Julia Gillard denies money from a union slush fund helped pay for renovations to her home in the early 1990s, but admits she could have done some things differently with the benefit of hindsight – and a “time machine”.
Ms Gillard said she acted properly when she provided legal advice to former boyfriend Bruce Wilson to help him establish a union slush fund in 1992.
“None of us get to go in a time machine and go backwards,” the former prime minister said. “Obviously, if one got to do the whole thing again, you would do things differently, given what I know now that I did not know at the time.”
Appearing before the Royal Commission into Trade Union Governance and Corruption on Wednesday, the former prime minister said she had been through her financial records forensically and was satisfied she had paid for her home renovations in full.
The commission has heard allegations that money from a slush fund linked to the Australian Workers Union that Ms Gillard helped incorporate paid for work to her house in Abbotsford in 1994.
In a transcript of Ms Gillard’s exit interview with Melbourne law firm Slater and Gordon in 1995 before she entered politics, Ms Gillard said she could not “categorically rule out that something at my house didn’t get paid for by the association or something at my house didn’t get paid for by the union”.
After going through her records, Ms Gillard told the commission she then became satisfied “that I had documents, receipts, invoices that showed that I’d paid for it all”.
Asked whether she had considered the fund’s name – Australian Workers Union Workplace Reform Association – could be misleading in its inclusion of the union name, Ms Gillard said she did not.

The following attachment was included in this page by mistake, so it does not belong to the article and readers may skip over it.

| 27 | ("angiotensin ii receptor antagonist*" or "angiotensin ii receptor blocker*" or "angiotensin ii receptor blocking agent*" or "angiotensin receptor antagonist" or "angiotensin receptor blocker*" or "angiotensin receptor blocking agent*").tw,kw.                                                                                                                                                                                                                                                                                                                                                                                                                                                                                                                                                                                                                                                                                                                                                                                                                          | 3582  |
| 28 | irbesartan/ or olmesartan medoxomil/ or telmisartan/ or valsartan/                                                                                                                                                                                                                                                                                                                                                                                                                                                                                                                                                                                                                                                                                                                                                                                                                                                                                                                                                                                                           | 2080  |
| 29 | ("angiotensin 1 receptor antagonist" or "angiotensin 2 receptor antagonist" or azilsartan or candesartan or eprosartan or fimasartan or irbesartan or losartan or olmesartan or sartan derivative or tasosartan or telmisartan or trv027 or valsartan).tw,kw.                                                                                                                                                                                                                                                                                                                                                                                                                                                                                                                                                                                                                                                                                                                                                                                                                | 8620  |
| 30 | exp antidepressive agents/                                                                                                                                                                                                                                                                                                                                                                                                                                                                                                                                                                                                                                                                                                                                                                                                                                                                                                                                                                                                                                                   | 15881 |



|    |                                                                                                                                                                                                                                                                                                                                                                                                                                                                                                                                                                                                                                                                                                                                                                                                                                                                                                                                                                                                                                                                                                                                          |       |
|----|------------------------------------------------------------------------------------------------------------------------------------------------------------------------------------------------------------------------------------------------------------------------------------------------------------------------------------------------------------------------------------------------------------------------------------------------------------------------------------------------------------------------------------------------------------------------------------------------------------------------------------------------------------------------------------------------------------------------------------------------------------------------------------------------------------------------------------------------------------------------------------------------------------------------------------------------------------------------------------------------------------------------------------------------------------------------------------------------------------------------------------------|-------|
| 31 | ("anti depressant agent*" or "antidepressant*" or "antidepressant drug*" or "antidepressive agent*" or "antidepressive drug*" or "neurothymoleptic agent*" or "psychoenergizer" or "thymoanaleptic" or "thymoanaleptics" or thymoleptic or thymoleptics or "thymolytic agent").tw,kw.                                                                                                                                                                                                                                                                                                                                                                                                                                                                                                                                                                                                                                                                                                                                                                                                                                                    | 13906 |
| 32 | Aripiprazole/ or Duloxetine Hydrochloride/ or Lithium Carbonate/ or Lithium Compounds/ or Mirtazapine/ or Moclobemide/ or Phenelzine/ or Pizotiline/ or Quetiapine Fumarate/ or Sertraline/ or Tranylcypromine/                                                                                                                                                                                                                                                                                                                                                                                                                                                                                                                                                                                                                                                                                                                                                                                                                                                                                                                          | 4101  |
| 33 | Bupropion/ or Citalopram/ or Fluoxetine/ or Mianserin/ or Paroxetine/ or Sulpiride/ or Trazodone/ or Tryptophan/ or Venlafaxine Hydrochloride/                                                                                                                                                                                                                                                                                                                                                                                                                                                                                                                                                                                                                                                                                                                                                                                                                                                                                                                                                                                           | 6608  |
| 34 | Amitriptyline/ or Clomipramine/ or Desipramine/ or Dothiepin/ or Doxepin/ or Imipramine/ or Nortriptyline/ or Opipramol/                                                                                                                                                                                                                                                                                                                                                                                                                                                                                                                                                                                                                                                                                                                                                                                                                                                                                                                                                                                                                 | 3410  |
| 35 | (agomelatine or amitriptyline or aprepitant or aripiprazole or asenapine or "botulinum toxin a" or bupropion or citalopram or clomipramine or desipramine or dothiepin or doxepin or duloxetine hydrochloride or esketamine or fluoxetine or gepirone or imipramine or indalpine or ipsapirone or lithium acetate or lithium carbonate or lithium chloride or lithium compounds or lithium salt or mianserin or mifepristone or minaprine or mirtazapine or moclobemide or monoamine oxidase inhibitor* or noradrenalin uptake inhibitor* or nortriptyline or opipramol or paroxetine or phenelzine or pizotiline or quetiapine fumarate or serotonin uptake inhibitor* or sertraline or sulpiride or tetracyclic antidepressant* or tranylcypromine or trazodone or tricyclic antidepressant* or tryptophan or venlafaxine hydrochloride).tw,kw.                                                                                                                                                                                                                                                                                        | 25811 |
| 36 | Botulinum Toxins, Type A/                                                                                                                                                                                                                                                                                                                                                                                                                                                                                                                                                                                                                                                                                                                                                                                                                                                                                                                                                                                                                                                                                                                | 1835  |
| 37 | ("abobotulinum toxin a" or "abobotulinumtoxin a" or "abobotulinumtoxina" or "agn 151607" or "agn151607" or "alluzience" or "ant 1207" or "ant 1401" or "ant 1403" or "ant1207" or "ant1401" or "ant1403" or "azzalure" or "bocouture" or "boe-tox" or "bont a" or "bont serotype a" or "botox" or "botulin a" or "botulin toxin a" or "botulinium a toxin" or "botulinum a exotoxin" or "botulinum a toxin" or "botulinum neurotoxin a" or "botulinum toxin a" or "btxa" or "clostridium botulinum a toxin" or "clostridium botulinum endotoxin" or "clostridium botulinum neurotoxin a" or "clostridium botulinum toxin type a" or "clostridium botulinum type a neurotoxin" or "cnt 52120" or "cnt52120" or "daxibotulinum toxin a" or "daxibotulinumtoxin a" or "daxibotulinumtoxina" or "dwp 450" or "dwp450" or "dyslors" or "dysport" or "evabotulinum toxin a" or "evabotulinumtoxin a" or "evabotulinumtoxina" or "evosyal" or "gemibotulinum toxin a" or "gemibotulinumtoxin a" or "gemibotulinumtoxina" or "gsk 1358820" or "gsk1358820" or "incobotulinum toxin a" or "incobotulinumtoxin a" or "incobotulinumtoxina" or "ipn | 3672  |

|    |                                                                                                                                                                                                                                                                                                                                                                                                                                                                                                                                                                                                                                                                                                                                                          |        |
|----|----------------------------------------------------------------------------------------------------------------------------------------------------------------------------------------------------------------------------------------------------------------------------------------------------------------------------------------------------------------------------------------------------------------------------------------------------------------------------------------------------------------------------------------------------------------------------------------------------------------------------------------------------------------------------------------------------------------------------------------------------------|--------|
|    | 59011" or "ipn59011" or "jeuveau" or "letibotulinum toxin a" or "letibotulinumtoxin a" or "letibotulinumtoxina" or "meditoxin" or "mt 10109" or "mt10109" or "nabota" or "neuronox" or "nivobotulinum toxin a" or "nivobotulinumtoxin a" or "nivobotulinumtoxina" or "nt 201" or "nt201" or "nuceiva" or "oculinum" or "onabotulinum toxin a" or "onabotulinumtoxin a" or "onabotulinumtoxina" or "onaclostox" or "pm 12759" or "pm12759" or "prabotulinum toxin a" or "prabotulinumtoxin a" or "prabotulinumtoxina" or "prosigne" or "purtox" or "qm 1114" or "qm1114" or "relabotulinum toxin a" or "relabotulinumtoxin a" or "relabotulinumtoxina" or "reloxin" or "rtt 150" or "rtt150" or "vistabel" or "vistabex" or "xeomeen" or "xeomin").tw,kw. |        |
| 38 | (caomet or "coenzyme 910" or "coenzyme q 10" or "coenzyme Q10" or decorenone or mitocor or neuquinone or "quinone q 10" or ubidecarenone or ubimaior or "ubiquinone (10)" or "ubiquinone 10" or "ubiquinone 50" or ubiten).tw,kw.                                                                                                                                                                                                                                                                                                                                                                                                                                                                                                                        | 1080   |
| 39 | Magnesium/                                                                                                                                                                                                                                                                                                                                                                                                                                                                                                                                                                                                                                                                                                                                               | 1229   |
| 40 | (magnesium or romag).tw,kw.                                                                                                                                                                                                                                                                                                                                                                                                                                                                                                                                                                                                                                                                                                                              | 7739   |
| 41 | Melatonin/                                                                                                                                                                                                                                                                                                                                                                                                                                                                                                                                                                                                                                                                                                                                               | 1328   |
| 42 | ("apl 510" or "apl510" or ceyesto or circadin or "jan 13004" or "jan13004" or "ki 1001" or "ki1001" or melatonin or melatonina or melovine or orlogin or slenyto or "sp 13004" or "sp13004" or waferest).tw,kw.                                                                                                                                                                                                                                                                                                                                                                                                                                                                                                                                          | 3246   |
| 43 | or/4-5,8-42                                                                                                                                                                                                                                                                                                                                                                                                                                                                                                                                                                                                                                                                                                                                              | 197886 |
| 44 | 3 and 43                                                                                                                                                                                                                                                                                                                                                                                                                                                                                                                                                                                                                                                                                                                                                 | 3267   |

Counsel assisting Jeremy Stoljar suggested the inclusion of the union’s name in the slush fund’s title could potentially facilitate the banking of cheques drawn in favour of the union.
Ms Gillard said she would do things differently “if one got to do the whole thing again”.
When taking the stand and asked for her occupation, Ms Gillard introduced herself as a former prime minister “who does a number of things associated with that”.
“I am an author. I am the chair of the Global Partnership for Education. I am a non-resident distinguished senior fellow at the Brookings Institution in Washington. I’m an honorary professor [at the University of Adelaide].”
Before Ms Gillard’s appearance, her former neighbours – Kaye Darveniza (now a Victorian MP) and her husband Robert Elliott – gave evidence that Ms Gillard had provided advice on setting up an election fighting fund linked to the Health Services Union when Ms Darveniza was the secretary of the HSU Victoria No. 2 branch.
But Ms Gillard denied this. “I was supportive of their campaign in the HSU. I didn’t give them any advice about incorporating an association, but, yes, I was politically supportive of their campaign,” she said.
In sworn evidence, Ms Gillard said she had no recollection of Mr Wilson, or anyone on his behalf, depositing money into her bank account.
She said Mr Wilson helped organise renovations to her home in the Melbourne suburb of Abbotsford in 1994, but he did not give her any cash.
Blewitt, a self-confessed fraudster, has alleged $7000 in slush fund money was spent on the home renovations.
Wayne Hem, a former records keeper for the AWU, told the commission Mr Wilson gave him $5000 in cash and told him to deposit it into Ms Gillard’s bank account.
Ms Gillard told the commission: “I don’t remember the $5000 being paid into my bank account, $5000 in those days was a lot of money.”